David Lodge has suggested that we all need the intellectual ‘refreshment’ that structuralism can provide. Of all the curious notions associated with structuralism, this must be the most curious. When the oasis stands up and walks into the barren desert in order to seek moisture, then on that day will the great mass of the educated public find refreshment in the philosophy of structuralism.
But now that structuralism has decided that we need it, what should you do if a structuralist from the local university comes knocking at your door offering to refresh you with his doctrine, or rescue you from the flesh-pots of empiricism and common sense, or simply sell you a copy of the latest structuralist magazine? Whatever you do, do not send him away. Invite him in and make him a pot of tea. Sit him down by the fireside. But not too close to the fire. For the real reason the structuralist has come knocking at your door is that his parched, dried soul is craving for the moisture of a little ordinary humanity. When he has moistened down a little, take him to the garden and let him do a good honest bit of digging and get his hands thoroughly grimed over with good honest dirt. And then – if this seems to be in order – take him in your arms and embrace him, and let him go unwashed back to the clean campus of the university he came from.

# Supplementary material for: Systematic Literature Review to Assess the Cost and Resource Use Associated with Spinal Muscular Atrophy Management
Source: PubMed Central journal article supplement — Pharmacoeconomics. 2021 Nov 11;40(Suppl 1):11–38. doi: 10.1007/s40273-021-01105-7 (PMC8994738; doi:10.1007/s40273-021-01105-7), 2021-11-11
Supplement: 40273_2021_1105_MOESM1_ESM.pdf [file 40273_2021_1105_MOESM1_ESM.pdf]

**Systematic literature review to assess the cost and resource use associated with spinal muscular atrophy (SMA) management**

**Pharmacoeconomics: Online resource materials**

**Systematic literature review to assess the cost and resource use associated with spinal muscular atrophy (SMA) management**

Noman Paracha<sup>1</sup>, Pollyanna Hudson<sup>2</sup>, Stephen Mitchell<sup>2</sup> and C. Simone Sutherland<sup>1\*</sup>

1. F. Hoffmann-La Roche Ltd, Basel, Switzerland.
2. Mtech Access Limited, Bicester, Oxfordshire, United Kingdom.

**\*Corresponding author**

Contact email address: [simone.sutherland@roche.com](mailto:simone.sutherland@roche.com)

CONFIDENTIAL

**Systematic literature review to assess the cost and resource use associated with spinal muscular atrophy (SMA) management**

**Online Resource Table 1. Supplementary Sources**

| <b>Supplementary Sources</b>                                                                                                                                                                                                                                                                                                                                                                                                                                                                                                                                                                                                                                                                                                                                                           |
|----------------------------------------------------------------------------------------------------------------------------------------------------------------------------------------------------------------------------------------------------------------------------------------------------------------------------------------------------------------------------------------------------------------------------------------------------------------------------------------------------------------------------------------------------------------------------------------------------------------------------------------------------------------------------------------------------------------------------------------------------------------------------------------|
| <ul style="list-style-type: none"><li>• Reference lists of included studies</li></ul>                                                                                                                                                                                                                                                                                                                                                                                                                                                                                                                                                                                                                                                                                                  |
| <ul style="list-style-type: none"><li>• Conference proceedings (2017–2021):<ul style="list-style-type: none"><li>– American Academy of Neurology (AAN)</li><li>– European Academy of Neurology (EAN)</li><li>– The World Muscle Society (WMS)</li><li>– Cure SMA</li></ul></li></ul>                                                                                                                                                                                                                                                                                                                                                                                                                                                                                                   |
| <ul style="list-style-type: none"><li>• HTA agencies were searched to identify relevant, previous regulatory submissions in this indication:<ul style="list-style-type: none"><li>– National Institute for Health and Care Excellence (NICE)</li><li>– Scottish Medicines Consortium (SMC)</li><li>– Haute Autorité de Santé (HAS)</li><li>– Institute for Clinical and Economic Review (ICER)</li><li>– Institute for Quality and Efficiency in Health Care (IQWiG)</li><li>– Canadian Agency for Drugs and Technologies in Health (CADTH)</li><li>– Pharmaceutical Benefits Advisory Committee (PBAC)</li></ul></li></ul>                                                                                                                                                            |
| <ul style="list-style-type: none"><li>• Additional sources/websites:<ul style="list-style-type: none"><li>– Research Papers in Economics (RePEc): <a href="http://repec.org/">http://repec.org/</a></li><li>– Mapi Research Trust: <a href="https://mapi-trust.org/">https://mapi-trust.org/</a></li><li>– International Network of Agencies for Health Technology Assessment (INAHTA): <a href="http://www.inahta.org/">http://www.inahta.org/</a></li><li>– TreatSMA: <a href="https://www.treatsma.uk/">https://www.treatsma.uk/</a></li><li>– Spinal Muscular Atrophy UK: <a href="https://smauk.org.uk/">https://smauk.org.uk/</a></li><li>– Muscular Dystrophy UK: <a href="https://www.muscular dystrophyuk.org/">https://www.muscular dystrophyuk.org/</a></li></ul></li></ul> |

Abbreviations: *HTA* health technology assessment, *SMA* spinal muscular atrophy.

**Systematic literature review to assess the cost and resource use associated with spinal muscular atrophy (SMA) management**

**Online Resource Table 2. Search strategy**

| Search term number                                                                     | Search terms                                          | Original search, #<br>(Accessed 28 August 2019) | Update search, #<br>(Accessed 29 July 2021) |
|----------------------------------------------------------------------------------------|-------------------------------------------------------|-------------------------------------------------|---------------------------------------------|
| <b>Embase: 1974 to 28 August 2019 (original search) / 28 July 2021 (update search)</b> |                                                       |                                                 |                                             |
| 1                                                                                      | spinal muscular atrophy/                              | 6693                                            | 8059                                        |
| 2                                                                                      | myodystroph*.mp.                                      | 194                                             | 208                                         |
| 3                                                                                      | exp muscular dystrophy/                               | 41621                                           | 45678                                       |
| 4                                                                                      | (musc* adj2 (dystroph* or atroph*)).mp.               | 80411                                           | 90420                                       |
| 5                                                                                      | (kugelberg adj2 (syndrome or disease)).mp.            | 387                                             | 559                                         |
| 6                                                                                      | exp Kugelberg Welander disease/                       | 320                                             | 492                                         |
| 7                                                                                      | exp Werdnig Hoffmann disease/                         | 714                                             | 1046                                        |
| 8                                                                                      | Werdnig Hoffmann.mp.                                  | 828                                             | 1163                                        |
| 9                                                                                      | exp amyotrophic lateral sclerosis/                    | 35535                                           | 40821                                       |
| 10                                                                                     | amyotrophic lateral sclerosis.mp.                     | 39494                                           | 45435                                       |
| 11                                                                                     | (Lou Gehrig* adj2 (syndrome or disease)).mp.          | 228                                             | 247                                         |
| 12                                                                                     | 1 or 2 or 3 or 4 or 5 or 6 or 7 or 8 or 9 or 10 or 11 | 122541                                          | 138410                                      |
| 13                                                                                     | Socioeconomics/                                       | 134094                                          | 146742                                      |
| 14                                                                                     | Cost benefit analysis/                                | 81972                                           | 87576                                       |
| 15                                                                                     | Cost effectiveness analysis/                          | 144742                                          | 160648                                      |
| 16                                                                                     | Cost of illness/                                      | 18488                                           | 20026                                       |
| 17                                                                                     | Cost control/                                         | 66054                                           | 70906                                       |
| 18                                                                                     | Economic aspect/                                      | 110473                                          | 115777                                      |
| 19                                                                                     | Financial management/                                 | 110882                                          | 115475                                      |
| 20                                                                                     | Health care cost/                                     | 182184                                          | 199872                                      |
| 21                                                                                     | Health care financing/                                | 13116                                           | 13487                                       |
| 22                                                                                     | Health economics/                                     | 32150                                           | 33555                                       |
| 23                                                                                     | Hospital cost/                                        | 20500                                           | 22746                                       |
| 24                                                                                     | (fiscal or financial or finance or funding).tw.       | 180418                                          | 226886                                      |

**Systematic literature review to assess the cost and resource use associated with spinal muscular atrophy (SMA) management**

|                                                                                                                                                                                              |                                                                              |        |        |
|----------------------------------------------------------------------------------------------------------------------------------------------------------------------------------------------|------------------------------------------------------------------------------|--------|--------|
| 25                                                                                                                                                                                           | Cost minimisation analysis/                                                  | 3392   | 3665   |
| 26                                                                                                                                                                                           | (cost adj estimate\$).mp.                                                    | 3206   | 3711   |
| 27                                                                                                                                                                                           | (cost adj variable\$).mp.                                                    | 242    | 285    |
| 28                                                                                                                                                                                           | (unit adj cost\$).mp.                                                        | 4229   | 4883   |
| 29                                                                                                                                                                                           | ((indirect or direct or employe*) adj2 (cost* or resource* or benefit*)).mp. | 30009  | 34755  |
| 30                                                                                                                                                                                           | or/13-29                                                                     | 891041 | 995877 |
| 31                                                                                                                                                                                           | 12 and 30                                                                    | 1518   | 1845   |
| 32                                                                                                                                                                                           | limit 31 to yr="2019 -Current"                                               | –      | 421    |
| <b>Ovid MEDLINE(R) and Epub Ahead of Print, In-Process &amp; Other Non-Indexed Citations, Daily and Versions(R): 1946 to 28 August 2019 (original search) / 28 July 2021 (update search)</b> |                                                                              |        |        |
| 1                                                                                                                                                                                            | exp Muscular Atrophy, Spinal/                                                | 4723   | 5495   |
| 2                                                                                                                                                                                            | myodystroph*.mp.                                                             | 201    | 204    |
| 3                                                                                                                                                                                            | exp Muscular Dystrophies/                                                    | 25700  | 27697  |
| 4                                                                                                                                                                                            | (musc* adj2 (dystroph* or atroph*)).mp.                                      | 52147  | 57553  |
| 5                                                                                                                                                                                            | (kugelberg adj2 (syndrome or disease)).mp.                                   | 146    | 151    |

What confusion will ensue! With what horror will his clean structuralist colleagues regard the real dirt on his hands and hear of the real honest work he has done! With what shame and embarrassment will he be covered! But, looking at his unwashed hands and feeling his body begin to ache, he may realise for the first time something of the depth of self-loathing on which his philosophy of life is founded. He may begin to see something of the fierceness of the contempt in which structuralism holds us all. Of course that is only a beginning. We cannot expect him to be redeemed overnight from sainthood into a state of reasonable sinfulness. But it is a beginning.